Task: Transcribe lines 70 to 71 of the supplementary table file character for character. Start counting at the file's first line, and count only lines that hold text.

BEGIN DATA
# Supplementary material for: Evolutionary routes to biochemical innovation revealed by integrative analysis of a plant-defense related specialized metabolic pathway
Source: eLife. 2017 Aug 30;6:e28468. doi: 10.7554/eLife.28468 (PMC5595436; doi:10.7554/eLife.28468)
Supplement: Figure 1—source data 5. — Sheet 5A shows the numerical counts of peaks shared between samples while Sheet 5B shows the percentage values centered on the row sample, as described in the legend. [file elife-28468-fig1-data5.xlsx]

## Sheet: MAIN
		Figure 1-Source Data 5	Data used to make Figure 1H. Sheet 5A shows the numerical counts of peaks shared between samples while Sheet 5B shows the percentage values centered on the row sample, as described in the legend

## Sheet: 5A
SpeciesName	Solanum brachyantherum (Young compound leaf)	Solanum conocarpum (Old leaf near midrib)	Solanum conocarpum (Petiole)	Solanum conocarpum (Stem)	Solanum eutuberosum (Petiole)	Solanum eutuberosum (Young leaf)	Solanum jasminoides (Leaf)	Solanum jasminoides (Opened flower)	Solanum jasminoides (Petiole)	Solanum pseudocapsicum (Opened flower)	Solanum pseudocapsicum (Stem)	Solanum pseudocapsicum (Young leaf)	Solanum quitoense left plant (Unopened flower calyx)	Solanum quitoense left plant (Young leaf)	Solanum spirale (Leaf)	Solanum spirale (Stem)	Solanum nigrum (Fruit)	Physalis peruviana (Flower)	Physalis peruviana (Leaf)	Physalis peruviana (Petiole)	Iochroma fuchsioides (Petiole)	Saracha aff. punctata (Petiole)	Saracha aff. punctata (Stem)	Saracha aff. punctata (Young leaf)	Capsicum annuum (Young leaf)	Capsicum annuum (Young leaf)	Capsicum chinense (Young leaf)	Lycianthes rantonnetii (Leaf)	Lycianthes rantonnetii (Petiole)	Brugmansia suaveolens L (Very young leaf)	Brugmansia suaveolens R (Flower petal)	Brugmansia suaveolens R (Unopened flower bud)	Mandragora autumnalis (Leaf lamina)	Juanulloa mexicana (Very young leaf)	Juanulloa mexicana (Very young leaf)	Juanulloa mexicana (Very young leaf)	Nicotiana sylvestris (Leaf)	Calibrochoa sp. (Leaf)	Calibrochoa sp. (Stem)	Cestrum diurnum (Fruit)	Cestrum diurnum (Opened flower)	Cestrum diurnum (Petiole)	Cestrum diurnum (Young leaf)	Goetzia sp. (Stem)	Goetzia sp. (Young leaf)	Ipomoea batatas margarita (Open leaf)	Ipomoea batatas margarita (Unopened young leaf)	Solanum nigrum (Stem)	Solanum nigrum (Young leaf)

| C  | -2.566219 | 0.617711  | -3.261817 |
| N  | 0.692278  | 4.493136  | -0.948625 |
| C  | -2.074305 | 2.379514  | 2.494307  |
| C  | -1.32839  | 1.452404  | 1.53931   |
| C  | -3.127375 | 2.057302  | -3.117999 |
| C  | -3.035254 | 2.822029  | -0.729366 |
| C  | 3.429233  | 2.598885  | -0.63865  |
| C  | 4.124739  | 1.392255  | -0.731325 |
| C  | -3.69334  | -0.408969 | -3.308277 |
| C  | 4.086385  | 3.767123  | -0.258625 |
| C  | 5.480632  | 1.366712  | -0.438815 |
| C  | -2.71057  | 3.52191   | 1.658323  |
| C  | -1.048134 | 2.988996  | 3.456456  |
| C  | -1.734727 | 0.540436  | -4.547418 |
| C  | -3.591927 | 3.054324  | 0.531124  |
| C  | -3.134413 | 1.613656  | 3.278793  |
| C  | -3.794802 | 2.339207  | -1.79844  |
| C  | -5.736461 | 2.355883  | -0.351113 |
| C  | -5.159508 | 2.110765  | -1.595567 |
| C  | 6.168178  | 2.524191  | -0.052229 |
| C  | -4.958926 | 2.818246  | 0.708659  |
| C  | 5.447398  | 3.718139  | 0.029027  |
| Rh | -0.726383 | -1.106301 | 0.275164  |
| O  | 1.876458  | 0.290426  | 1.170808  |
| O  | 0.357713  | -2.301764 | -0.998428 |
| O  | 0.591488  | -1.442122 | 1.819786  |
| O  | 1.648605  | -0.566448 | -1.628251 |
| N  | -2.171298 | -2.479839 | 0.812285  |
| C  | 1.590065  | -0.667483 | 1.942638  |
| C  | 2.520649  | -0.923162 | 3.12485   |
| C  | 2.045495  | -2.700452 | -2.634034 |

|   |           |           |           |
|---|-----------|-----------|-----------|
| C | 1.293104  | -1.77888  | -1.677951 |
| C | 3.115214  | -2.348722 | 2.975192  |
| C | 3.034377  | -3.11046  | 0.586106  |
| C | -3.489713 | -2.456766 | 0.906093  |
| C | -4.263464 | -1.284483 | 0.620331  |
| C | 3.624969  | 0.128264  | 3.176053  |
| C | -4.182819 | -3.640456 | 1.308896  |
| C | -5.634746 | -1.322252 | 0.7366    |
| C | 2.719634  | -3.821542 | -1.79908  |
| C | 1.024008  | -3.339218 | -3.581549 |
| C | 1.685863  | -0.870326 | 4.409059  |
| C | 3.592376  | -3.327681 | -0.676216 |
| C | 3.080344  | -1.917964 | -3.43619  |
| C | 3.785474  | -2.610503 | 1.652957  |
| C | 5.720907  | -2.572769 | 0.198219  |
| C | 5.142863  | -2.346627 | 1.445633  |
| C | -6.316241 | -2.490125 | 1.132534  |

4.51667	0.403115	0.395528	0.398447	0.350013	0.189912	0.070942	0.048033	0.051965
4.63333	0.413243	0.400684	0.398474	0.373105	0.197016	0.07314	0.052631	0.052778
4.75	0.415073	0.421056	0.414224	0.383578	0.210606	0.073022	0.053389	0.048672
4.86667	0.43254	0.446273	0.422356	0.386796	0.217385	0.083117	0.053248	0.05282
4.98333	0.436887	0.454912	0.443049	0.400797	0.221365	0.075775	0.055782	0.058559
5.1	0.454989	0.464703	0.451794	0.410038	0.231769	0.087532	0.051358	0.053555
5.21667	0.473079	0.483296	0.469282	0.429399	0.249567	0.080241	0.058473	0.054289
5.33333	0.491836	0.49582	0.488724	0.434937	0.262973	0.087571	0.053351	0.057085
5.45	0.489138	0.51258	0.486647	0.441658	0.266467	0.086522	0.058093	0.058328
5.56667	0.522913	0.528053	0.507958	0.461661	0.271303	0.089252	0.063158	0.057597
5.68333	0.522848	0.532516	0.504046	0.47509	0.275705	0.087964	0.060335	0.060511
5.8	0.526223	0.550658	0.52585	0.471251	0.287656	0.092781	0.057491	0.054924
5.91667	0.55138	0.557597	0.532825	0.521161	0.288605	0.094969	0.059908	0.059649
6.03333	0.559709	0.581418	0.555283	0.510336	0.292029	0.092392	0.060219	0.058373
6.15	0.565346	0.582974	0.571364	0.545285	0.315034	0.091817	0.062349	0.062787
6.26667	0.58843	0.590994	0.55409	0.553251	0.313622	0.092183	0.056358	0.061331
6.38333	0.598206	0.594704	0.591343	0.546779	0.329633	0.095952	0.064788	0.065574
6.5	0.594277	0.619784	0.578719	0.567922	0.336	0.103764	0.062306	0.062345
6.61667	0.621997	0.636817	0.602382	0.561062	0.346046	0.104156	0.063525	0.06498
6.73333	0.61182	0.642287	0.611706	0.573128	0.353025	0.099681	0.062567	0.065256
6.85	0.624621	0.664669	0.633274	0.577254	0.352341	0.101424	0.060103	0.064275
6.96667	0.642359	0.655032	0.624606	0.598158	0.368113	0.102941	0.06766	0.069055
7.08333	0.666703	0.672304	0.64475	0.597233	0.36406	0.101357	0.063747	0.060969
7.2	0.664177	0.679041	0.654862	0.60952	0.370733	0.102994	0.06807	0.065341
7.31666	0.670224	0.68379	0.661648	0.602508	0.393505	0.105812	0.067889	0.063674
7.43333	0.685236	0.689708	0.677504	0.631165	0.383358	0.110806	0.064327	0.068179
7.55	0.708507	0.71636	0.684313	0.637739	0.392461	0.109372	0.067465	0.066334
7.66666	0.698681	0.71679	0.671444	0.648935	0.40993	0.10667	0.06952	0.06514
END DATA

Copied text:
5.91667	0.55138	0.557597	0.532825	0.521161	0.288605	0.094969	0.059908	0.059649
6.03333	0.559709	0.581418	0.555283	0.510336	0.292029	0.092392	0.060219	0.058373